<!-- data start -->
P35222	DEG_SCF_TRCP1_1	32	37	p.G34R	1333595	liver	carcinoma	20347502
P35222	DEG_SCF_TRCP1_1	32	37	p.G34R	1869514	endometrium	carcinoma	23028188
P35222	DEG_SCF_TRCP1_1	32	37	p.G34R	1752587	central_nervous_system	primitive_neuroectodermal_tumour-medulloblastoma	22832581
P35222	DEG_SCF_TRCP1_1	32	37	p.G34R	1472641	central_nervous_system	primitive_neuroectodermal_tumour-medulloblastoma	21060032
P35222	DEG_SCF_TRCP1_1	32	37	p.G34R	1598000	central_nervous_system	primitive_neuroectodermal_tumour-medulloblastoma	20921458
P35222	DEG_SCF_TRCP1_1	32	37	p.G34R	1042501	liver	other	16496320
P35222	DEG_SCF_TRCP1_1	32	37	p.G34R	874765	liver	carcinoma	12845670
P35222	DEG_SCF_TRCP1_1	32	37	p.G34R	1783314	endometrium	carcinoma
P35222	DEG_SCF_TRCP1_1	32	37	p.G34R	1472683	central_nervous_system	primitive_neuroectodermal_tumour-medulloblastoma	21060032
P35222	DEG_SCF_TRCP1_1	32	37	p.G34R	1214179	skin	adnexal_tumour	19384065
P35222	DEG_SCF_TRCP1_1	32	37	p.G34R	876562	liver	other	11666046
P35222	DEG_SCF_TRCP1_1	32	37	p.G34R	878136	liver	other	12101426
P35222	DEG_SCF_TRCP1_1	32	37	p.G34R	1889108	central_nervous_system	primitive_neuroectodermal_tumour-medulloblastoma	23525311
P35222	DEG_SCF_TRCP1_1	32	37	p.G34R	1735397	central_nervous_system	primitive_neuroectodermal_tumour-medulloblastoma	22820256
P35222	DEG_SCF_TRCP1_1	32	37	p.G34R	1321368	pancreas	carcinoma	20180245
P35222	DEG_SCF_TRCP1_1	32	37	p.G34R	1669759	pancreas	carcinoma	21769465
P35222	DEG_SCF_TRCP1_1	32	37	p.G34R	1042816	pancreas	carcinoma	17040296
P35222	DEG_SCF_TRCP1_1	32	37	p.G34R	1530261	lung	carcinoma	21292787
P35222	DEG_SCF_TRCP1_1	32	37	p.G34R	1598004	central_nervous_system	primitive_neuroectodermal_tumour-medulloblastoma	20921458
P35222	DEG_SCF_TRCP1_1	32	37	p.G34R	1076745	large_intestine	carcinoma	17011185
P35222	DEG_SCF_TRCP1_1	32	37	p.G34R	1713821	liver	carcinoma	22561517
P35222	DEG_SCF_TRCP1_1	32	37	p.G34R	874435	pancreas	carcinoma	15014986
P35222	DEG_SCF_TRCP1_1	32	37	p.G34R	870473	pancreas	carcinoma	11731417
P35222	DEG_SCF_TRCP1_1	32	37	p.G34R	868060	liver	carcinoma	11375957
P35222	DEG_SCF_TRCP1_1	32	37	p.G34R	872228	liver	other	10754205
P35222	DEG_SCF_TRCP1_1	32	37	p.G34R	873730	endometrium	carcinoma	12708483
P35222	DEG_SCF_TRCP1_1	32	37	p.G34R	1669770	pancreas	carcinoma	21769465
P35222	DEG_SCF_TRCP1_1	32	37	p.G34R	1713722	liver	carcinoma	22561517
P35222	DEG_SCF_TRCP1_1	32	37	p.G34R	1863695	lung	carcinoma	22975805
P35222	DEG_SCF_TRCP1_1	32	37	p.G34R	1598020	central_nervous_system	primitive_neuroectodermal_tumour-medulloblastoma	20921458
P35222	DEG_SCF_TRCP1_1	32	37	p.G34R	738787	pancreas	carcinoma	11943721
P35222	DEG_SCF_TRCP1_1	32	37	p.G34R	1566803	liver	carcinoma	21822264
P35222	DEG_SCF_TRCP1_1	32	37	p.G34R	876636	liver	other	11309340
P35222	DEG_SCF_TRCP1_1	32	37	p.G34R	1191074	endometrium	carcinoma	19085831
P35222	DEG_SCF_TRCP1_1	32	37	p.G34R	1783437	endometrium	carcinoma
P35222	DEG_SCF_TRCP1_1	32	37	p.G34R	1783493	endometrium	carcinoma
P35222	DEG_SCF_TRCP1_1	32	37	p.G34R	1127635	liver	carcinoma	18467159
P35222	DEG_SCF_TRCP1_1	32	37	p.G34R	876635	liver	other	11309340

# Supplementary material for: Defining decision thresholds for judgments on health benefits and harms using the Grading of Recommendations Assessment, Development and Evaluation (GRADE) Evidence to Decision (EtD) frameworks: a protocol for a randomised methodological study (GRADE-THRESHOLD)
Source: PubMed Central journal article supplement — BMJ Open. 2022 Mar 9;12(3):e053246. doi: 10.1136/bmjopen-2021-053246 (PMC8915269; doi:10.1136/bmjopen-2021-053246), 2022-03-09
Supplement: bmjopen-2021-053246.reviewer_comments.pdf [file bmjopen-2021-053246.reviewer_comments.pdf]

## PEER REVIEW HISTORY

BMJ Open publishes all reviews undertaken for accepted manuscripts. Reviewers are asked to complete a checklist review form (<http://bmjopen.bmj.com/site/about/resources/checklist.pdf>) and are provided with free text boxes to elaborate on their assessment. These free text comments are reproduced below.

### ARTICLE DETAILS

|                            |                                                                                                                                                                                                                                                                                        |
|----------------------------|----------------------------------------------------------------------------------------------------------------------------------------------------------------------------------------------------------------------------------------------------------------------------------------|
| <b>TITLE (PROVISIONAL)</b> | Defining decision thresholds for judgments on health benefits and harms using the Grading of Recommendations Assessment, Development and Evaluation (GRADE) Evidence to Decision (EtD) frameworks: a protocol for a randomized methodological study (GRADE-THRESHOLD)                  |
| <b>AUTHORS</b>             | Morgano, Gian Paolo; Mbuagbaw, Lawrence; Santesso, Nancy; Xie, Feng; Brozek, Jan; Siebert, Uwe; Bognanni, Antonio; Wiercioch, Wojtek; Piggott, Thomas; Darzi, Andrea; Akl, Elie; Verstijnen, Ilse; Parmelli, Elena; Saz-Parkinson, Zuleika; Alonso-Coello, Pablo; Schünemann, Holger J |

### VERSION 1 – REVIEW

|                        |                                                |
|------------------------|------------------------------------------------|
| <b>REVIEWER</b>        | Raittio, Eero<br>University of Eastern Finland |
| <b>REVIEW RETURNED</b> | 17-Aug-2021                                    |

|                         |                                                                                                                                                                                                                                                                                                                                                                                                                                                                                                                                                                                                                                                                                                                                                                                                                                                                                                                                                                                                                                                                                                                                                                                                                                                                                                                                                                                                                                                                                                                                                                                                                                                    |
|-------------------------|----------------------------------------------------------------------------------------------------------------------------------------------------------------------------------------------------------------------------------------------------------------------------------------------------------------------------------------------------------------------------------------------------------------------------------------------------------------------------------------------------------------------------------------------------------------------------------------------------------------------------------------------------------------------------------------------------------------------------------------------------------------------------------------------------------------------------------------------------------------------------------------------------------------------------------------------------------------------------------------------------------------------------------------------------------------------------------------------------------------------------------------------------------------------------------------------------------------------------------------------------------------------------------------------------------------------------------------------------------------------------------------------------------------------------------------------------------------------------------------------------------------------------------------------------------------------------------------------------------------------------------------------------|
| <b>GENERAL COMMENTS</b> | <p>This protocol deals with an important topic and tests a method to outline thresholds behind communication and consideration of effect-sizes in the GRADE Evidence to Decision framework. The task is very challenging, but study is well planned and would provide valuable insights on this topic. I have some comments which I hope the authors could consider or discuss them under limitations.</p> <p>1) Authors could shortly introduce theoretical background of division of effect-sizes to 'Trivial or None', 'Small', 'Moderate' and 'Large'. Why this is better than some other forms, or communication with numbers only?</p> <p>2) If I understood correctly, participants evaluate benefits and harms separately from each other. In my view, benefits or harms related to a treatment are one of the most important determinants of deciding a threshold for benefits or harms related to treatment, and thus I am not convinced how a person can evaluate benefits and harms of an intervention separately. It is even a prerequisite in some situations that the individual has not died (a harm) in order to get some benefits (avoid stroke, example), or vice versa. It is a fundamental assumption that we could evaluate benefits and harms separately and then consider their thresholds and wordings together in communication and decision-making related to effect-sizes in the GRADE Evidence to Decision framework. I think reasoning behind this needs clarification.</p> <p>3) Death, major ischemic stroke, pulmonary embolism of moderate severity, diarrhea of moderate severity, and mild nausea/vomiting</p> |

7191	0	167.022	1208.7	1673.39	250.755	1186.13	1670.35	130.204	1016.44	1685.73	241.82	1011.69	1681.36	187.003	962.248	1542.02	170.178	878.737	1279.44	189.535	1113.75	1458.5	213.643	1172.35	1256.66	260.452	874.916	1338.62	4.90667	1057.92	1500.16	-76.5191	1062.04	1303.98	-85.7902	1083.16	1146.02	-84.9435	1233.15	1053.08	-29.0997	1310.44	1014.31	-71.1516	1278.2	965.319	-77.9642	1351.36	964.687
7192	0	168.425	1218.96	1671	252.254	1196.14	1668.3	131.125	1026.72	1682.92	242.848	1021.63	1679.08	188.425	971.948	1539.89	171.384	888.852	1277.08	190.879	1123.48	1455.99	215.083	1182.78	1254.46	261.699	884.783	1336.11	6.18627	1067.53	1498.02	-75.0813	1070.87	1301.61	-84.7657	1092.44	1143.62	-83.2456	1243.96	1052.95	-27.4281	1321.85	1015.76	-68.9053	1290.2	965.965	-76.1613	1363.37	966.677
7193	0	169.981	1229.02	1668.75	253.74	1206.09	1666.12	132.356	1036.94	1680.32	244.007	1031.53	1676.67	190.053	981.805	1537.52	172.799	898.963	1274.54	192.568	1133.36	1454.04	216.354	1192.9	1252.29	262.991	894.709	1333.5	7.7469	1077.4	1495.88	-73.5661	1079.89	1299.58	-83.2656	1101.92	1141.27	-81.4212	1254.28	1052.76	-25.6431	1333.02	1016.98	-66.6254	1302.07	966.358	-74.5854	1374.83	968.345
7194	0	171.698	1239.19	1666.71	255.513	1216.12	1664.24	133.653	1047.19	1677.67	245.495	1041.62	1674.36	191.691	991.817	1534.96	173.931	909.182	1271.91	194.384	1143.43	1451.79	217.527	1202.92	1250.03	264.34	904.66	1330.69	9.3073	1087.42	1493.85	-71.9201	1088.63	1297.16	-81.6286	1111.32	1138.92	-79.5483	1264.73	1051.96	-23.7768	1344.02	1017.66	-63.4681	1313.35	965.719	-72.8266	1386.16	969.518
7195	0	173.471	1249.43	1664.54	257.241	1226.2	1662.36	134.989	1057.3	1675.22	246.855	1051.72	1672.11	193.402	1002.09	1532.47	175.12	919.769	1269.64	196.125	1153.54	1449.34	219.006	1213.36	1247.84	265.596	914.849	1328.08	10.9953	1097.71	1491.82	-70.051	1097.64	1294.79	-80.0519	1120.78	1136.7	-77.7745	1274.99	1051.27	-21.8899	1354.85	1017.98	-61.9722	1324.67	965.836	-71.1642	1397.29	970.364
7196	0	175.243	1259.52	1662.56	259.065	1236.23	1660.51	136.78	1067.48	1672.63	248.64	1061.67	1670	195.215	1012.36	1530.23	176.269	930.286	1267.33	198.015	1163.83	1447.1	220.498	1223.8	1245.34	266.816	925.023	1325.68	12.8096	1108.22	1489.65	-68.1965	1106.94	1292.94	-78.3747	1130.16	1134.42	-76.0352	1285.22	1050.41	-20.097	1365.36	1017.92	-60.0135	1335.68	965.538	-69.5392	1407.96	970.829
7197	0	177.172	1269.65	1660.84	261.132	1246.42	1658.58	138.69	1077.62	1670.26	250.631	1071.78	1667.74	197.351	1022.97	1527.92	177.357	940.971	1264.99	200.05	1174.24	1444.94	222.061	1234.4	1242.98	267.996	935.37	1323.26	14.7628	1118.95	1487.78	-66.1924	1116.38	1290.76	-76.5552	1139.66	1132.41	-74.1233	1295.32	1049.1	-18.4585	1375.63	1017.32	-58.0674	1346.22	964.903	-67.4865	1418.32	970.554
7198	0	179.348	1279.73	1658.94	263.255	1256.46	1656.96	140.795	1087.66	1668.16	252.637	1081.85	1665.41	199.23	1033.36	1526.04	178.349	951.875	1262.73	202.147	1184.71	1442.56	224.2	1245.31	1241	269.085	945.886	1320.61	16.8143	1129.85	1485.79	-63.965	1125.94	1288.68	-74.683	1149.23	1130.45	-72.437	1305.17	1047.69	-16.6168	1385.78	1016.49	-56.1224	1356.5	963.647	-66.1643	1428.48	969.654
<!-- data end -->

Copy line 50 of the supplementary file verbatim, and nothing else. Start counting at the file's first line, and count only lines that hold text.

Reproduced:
|                        |                                                |